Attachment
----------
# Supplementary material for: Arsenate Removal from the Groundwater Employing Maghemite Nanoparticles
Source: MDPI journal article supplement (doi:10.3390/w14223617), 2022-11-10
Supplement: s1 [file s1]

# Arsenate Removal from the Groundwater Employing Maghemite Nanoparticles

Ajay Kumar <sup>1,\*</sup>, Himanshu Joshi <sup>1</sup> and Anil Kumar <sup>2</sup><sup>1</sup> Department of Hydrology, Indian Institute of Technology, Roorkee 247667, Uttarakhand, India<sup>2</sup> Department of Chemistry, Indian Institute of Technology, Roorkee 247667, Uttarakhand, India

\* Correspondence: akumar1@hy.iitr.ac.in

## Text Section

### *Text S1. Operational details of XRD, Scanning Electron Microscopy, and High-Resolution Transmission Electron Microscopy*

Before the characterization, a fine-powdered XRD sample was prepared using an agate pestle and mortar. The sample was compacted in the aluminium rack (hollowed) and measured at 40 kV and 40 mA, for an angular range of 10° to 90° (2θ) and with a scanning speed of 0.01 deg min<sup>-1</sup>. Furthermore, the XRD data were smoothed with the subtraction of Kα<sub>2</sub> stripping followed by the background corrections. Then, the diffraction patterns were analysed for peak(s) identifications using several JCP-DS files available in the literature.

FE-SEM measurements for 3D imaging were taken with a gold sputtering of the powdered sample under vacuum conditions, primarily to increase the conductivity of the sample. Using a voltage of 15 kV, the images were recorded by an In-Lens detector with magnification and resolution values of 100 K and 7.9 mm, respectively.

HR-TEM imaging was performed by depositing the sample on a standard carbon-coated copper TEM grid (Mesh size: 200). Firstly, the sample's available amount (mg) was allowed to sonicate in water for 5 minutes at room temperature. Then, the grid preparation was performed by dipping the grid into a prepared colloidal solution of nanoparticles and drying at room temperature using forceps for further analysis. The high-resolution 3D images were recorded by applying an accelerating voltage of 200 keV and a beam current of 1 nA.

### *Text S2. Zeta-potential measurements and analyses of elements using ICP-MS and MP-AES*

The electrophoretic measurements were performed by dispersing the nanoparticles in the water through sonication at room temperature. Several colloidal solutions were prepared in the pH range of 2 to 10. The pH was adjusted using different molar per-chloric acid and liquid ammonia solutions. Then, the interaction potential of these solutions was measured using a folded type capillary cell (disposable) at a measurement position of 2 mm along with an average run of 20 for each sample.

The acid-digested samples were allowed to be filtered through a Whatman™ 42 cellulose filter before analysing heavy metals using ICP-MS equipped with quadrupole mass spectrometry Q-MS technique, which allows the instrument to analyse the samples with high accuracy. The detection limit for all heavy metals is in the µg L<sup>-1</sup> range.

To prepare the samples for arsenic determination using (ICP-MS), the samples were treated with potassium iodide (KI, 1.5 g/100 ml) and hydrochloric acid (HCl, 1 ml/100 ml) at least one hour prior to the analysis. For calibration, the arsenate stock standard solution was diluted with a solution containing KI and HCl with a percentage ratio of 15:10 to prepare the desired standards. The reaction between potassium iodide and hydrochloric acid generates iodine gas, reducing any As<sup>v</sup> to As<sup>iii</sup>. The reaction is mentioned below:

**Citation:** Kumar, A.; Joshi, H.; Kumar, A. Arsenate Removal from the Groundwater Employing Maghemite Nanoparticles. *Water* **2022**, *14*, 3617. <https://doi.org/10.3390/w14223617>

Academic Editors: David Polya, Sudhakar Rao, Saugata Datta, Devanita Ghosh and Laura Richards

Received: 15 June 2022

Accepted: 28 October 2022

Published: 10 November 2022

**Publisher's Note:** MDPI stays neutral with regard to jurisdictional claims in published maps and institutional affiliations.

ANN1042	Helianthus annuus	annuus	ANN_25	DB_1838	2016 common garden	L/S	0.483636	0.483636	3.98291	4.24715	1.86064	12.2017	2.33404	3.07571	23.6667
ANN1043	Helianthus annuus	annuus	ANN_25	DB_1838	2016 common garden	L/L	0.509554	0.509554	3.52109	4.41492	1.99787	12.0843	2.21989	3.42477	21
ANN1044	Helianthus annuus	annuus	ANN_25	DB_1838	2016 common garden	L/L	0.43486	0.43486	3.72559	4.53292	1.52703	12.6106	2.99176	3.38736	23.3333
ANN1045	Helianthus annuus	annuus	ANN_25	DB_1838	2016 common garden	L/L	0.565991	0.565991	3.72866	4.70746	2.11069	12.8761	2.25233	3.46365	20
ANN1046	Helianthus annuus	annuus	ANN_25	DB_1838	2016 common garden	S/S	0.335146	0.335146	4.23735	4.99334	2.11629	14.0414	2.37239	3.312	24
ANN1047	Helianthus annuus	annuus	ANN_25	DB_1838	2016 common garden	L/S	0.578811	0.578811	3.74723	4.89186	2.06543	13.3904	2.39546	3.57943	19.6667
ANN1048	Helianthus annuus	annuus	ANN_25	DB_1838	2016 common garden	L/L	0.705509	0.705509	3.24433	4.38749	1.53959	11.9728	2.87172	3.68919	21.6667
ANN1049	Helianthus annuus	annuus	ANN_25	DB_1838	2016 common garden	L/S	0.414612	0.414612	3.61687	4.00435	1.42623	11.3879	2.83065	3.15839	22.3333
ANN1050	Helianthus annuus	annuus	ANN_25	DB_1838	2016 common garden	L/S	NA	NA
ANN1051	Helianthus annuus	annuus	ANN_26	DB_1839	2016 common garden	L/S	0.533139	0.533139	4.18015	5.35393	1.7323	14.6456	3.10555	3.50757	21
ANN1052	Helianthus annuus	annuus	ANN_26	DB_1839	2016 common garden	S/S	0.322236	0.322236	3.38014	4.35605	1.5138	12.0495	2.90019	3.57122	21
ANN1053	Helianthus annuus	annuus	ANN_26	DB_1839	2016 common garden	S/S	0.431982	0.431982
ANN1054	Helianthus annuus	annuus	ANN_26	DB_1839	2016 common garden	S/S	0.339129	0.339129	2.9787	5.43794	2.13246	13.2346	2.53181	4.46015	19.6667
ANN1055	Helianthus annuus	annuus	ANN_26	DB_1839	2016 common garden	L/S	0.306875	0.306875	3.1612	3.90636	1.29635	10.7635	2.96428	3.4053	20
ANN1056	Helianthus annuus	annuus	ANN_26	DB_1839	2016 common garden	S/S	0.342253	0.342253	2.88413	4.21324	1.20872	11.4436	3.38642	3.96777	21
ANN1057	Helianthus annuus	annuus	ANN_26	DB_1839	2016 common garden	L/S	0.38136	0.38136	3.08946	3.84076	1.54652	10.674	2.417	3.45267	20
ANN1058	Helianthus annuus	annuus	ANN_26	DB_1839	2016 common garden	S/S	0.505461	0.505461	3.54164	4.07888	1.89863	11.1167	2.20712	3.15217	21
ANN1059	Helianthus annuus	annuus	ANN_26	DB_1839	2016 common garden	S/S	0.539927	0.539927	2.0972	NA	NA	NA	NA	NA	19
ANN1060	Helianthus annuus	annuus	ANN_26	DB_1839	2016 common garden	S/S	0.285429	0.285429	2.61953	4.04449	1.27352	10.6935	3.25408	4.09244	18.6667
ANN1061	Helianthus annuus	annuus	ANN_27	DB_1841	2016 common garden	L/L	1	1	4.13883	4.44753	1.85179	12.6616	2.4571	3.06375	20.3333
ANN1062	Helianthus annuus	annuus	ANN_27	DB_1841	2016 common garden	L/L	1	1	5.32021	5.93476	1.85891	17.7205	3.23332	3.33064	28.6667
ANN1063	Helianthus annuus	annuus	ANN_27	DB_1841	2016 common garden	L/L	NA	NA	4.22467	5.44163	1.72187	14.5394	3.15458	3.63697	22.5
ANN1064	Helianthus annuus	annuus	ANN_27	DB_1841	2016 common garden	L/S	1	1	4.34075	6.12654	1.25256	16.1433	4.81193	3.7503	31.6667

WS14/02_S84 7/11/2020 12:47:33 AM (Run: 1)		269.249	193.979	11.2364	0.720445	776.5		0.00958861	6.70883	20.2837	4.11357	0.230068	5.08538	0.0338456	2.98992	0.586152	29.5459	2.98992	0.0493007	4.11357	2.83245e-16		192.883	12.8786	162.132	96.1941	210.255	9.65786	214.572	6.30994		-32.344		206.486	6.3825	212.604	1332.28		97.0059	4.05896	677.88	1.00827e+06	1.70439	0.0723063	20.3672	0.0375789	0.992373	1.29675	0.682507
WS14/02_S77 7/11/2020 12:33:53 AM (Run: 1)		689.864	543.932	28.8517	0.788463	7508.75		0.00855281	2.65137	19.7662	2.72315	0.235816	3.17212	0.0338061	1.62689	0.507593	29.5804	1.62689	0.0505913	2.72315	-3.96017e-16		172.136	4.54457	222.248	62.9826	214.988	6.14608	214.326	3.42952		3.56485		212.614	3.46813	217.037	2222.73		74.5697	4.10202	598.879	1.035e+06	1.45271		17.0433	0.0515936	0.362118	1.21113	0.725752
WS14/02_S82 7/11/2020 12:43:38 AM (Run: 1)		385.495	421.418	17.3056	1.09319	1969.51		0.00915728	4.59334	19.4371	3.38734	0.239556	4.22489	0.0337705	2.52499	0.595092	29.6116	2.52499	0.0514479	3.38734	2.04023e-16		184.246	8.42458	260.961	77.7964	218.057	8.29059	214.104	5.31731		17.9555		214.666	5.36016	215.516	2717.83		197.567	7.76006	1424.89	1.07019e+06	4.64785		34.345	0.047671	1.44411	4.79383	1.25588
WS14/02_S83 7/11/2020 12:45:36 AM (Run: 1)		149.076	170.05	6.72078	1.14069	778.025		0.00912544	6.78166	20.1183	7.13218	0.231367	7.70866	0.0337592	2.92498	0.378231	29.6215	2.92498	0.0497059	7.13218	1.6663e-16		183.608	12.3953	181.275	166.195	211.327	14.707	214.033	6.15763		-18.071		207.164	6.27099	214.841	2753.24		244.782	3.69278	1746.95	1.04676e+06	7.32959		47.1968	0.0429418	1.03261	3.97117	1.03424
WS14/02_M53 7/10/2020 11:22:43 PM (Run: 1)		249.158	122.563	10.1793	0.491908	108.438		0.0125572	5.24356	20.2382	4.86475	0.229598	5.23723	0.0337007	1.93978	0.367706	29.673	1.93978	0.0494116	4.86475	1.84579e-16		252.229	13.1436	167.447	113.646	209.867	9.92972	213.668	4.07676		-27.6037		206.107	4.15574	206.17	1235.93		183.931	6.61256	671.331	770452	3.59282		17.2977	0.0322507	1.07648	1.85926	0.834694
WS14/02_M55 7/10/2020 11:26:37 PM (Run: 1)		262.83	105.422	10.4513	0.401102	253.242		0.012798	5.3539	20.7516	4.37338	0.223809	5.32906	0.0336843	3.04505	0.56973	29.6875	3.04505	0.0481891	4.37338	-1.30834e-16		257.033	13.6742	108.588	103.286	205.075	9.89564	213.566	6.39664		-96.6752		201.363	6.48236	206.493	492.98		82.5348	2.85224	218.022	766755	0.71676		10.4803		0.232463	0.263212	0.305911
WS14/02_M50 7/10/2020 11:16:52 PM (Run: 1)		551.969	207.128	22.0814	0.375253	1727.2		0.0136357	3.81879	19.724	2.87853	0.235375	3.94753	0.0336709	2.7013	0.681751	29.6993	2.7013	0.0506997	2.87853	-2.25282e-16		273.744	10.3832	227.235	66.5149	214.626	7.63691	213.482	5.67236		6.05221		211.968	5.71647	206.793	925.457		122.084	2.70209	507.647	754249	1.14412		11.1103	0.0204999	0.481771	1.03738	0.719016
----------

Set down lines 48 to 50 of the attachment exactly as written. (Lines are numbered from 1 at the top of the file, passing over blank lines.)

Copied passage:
WS14/02_S83 7/11/2020 12:45:36 AM (Run: 1)		149.076	170.05	6.72078	1.14069	778.025		0.00912544	6.78166	20.1183	7.13218	0.231367	7.70866	0.0337592	2.92498	0.378231	29.6215	2.92498	0.0497059	7.13218	1.6663e-16		183.608	12.3953	181.275	166.195	211.327	14.707	214.033	6.15763		-18.071		207.164	6.27099	214.841	2753.24		244.782	3.69278	1746.95	1.04676e+06	7.32959		47.1968	0.0429418	1.03261	3.97117	1.03424
WS14/02_M53 7/10/2020 11:22:43 PM (Run: 1)		249.158	122.563	10.1793	0.491908	108.438		0.0125572	5.24356	20.2382	4.86475	0.229598	5.23723	0.0337007	1.93978	0.367706	29.673	1.93978	0.0494116	4.86475	1.84579e-16		252.229	13.1436	167.447	113.646	209.867	9.92972	213.668	4.07676		-27.6037		206.107	4.15574	206.17	1235.93		183.931	6.61256	671.331	770452	3.59282		17.2977	0.0322507	1.07648	1.85926	0.834694
WS14/02_M55 7/10/2020 11:26:37 PM (Run: 1)		262.83	105.422	10.4513	0.401102	253.242		0.012798	5.3539	20.7516	4.37338	0.223809	5.32906	0.0336843	3.04505	0.56973	29.6875	3.04505	0.0481891	4.37338	-1.30834e-16		257.033	13.6742	108.588	103.286	205.075	9.89564	213.566	6.39664		-96.6752		201.363	6.48236	206.493	492.98		82.5348	2.85224	218.022	766755	0.71676		10.4803		0.232463	0.263212	0.305911